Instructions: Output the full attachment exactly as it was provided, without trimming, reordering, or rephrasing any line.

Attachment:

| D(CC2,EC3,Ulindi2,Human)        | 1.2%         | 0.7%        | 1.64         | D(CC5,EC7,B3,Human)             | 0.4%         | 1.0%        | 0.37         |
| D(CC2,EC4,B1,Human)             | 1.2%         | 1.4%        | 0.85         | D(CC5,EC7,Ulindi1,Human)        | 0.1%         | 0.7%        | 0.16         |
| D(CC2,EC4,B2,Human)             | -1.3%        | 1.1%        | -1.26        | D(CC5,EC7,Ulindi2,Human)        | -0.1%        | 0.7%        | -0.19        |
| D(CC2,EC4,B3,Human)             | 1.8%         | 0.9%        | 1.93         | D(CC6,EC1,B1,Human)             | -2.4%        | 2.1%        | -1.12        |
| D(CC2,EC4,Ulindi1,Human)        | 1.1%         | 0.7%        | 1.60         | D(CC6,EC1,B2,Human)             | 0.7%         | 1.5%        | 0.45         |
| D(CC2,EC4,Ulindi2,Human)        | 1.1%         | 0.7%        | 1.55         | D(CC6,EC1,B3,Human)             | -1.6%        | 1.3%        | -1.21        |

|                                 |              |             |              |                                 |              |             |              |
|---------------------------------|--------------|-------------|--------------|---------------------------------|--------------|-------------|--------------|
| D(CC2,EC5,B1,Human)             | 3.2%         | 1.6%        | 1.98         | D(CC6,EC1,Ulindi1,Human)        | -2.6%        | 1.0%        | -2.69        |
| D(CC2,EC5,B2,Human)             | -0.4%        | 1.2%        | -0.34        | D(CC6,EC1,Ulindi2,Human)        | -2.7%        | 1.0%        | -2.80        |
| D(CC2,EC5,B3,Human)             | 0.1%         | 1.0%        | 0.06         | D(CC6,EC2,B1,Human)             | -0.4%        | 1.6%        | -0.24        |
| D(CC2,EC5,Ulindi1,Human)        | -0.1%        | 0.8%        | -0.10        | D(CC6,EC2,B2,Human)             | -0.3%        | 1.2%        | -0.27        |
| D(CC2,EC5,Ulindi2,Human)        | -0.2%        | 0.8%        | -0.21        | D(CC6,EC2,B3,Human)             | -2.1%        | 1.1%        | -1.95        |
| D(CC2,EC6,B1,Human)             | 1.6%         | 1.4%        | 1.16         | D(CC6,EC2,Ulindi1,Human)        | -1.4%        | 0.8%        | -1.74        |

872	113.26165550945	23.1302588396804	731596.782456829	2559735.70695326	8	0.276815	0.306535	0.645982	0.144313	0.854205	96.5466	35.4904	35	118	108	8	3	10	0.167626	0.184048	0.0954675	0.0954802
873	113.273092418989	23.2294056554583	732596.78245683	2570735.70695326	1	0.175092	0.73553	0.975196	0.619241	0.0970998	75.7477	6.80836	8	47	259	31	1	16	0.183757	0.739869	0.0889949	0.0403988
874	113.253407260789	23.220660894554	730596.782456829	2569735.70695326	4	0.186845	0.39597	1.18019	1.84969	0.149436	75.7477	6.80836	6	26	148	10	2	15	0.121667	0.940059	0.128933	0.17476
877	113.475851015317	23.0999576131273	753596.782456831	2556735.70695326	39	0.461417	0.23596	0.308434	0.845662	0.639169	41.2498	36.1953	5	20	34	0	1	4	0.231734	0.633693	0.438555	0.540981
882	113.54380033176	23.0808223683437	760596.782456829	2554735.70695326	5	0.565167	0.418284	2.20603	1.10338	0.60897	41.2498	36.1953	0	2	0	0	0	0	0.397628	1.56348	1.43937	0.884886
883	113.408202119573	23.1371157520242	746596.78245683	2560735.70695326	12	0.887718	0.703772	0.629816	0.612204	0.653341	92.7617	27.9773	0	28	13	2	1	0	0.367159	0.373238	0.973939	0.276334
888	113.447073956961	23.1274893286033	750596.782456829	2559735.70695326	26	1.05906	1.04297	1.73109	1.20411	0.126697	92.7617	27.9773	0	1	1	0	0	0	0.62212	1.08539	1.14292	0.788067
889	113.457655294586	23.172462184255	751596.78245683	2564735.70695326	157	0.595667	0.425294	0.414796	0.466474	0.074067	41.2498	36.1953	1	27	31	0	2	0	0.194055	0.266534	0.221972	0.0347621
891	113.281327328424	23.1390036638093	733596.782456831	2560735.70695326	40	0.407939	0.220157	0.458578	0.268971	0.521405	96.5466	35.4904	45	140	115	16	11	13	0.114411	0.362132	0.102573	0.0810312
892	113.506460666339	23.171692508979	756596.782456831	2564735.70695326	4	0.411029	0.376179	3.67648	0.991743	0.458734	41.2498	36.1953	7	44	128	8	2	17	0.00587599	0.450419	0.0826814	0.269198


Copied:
| D(CC2,EC3,Ulindi2,Human)        | 1.2%         | 0.7%        | 1.64         | D(CC5,EC7,B3,Human)             | 0.4%         | 1.0%        | 0.37         |
| D(CC2,EC4,B1,Human)             | 1.2%         | 1.4%        | 0.85         | D(CC5,EC7,Ulindi1,Human)        | 0.1%         | 0.7%        | 0.16         |
| D(CC2,EC4,B2,Human)             | -1.3%        | 1.1%        | -1.26        | D(CC5,EC7,Ulindi2,Human)        | -0.1%        | 0.7%        | -0.19        |
| D(CC2,EC4,B3,Human)             | 1.8%         | 0.9%        | 1.93         | D(CC6,EC1,B1,Human)             | -2.4%        | 2.1%        | -1.12        |
| D(CC2,EC4,Ulindi1,Human)        | 1.1%         | 0.7%        | 1.60         | D(CC6,EC1,B2,Human)             | 0.7%         | 1.5%        | 0.45         |
| D(CC2,EC4,Ulindi2,Human)        | 1.1%         | 0.7%        | 1.55         | D(CC6,EC1,B3,Human)             | -1.6%        | 1.3%        | -1.21        |

|                                 |              |             |              |                                 |              |             |              |
|---------------------------------|--------------|-------------|--------------|---------------------------------|--------------|-------------|--------------|
| D(CC2,EC5,B1,Human)             | 3.2%         | 1.6%        | 1.98         | D(CC6,EC1,Ulindi1,Human)        | -2.6%        | 1.0%        | -2.69        |
| D(CC2,EC5,B2,Human)             | -0.4%        | 1.2%        | -0.34        | D(CC6,EC1,Ulindi2,Human)        | -2.7%        | 1.0%        | -2.80        |
| D(CC2,EC5,B3,Human)             | 0.1%         | 1.0%        | 0.06         | D(CC6,EC2,B1,Human)             | -0.4%        | 1.6%        | -0.24        |
| D(CC2,EC5,Ulindi1,Human)        | -0.1%        | 0.8%        | -0.10        | D(CC6,EC2,B2,Human)             | -0.3%        | 1.2%        | -0.27        |
| D(CC2,EC5,Ulindi2,Human)        | -0.2%        | 0.8%        | -0.21        | D(CC6,EC2,B3,Human)             | -2.1%        | 1.1%        | -1.95        |
| D(CC2,EC6,B1,Human)             | 1.6%         | 1.4%        | 1.16         | D(CC6,EC2,Ulindi1,Human)        | -1.4%        | 0.8%        | -1.74        |

872	113.26165550945	23.1302588396804	731596.782456829	2559735.70695326	8	0.276815	0.306535	0.645982	0.144313	0.854205	96.5466	35.4904	35	118	108	8	3	10	0.167626	0.184048	0.0954675	0.0954802
873	113.273092418989	23.2294056554583	732596.78245683	2570735.70695326	1	0.175092	0.73553	0.975196	0.619241	0.0970998	75.7477	6.80836	8	47	259	31	1	16	0.183757	0.739869	0.0889949	0.0403988
874	113.253407260789	23.220660894554	730596.782456829	2569735.70695326	4	0.186845	0.39597	1.18019	1.84969	0.149436	75.7477	6.80836	6	26	148	10	2	15	0.121667	0.940059	0.128933	0.17476
877	113.475851015317	23.0999576131273	753596.782456831	2556735.70695326	39	0.461417	0.23596	0.308434	0.845662	0.639169	41.2498	36.1953	5	20	34	0	1	4	0.231734	0.633693	0.438555	0.540981
882	113.54380033176	23.0808223683437	760596.782456829	2554735.70695326	5	0.565167	0.418284	2.20603	1.10338	0.60897	41.2498	36.1953	0	2	0	0	0	0	0.397628	1.56348	1.43937	0.884886
883	113.408202119573	23.1371157520242	746596.78245683	2560735.70695326	12	0.887718	0.703772	0.629816	0.612204	0.653341	92.7617	27.9773	0	28	13	2	1	0	0.367159	0.373238	0.973939	0.276334
888	113.447073956961	23.1274893286033	750596.782456829	2559735.70695326	26	1.05906	1.04297	1.73109	1.20411	0.126697	92.7617	27.9773	0	1	1	0	0	0	0.62212	1.08539	1.14292	0.788067
889	113.457655294586	23.172462184255	751596.78245683	2564735.70695326	157	0.595667	0.425294	0.414796	0.466474	0.074067	41.2498	36.1953	1	27	31	0	2	0	0.194055	0.266534	0.221972	0.0347621
891	113.281327328424	23.1390036638093	733596.782456831	2560735.70695326	40	0.407939	0.220157	0.458578	0.268971	0.521405	96.5466	35.4904	45	140	115	16	11	13	0.114411	0.362132	0.102573	0.0810312
892	113.506460666339	23.171692508979	756596.782456831	2564735.70695326	4	0.411029	0.376179	3.67648	0.991743	0.458734	41.2498	36.1953	7	44	128	8	2	17	0.00587599	0.450419	0.0826814	0.269198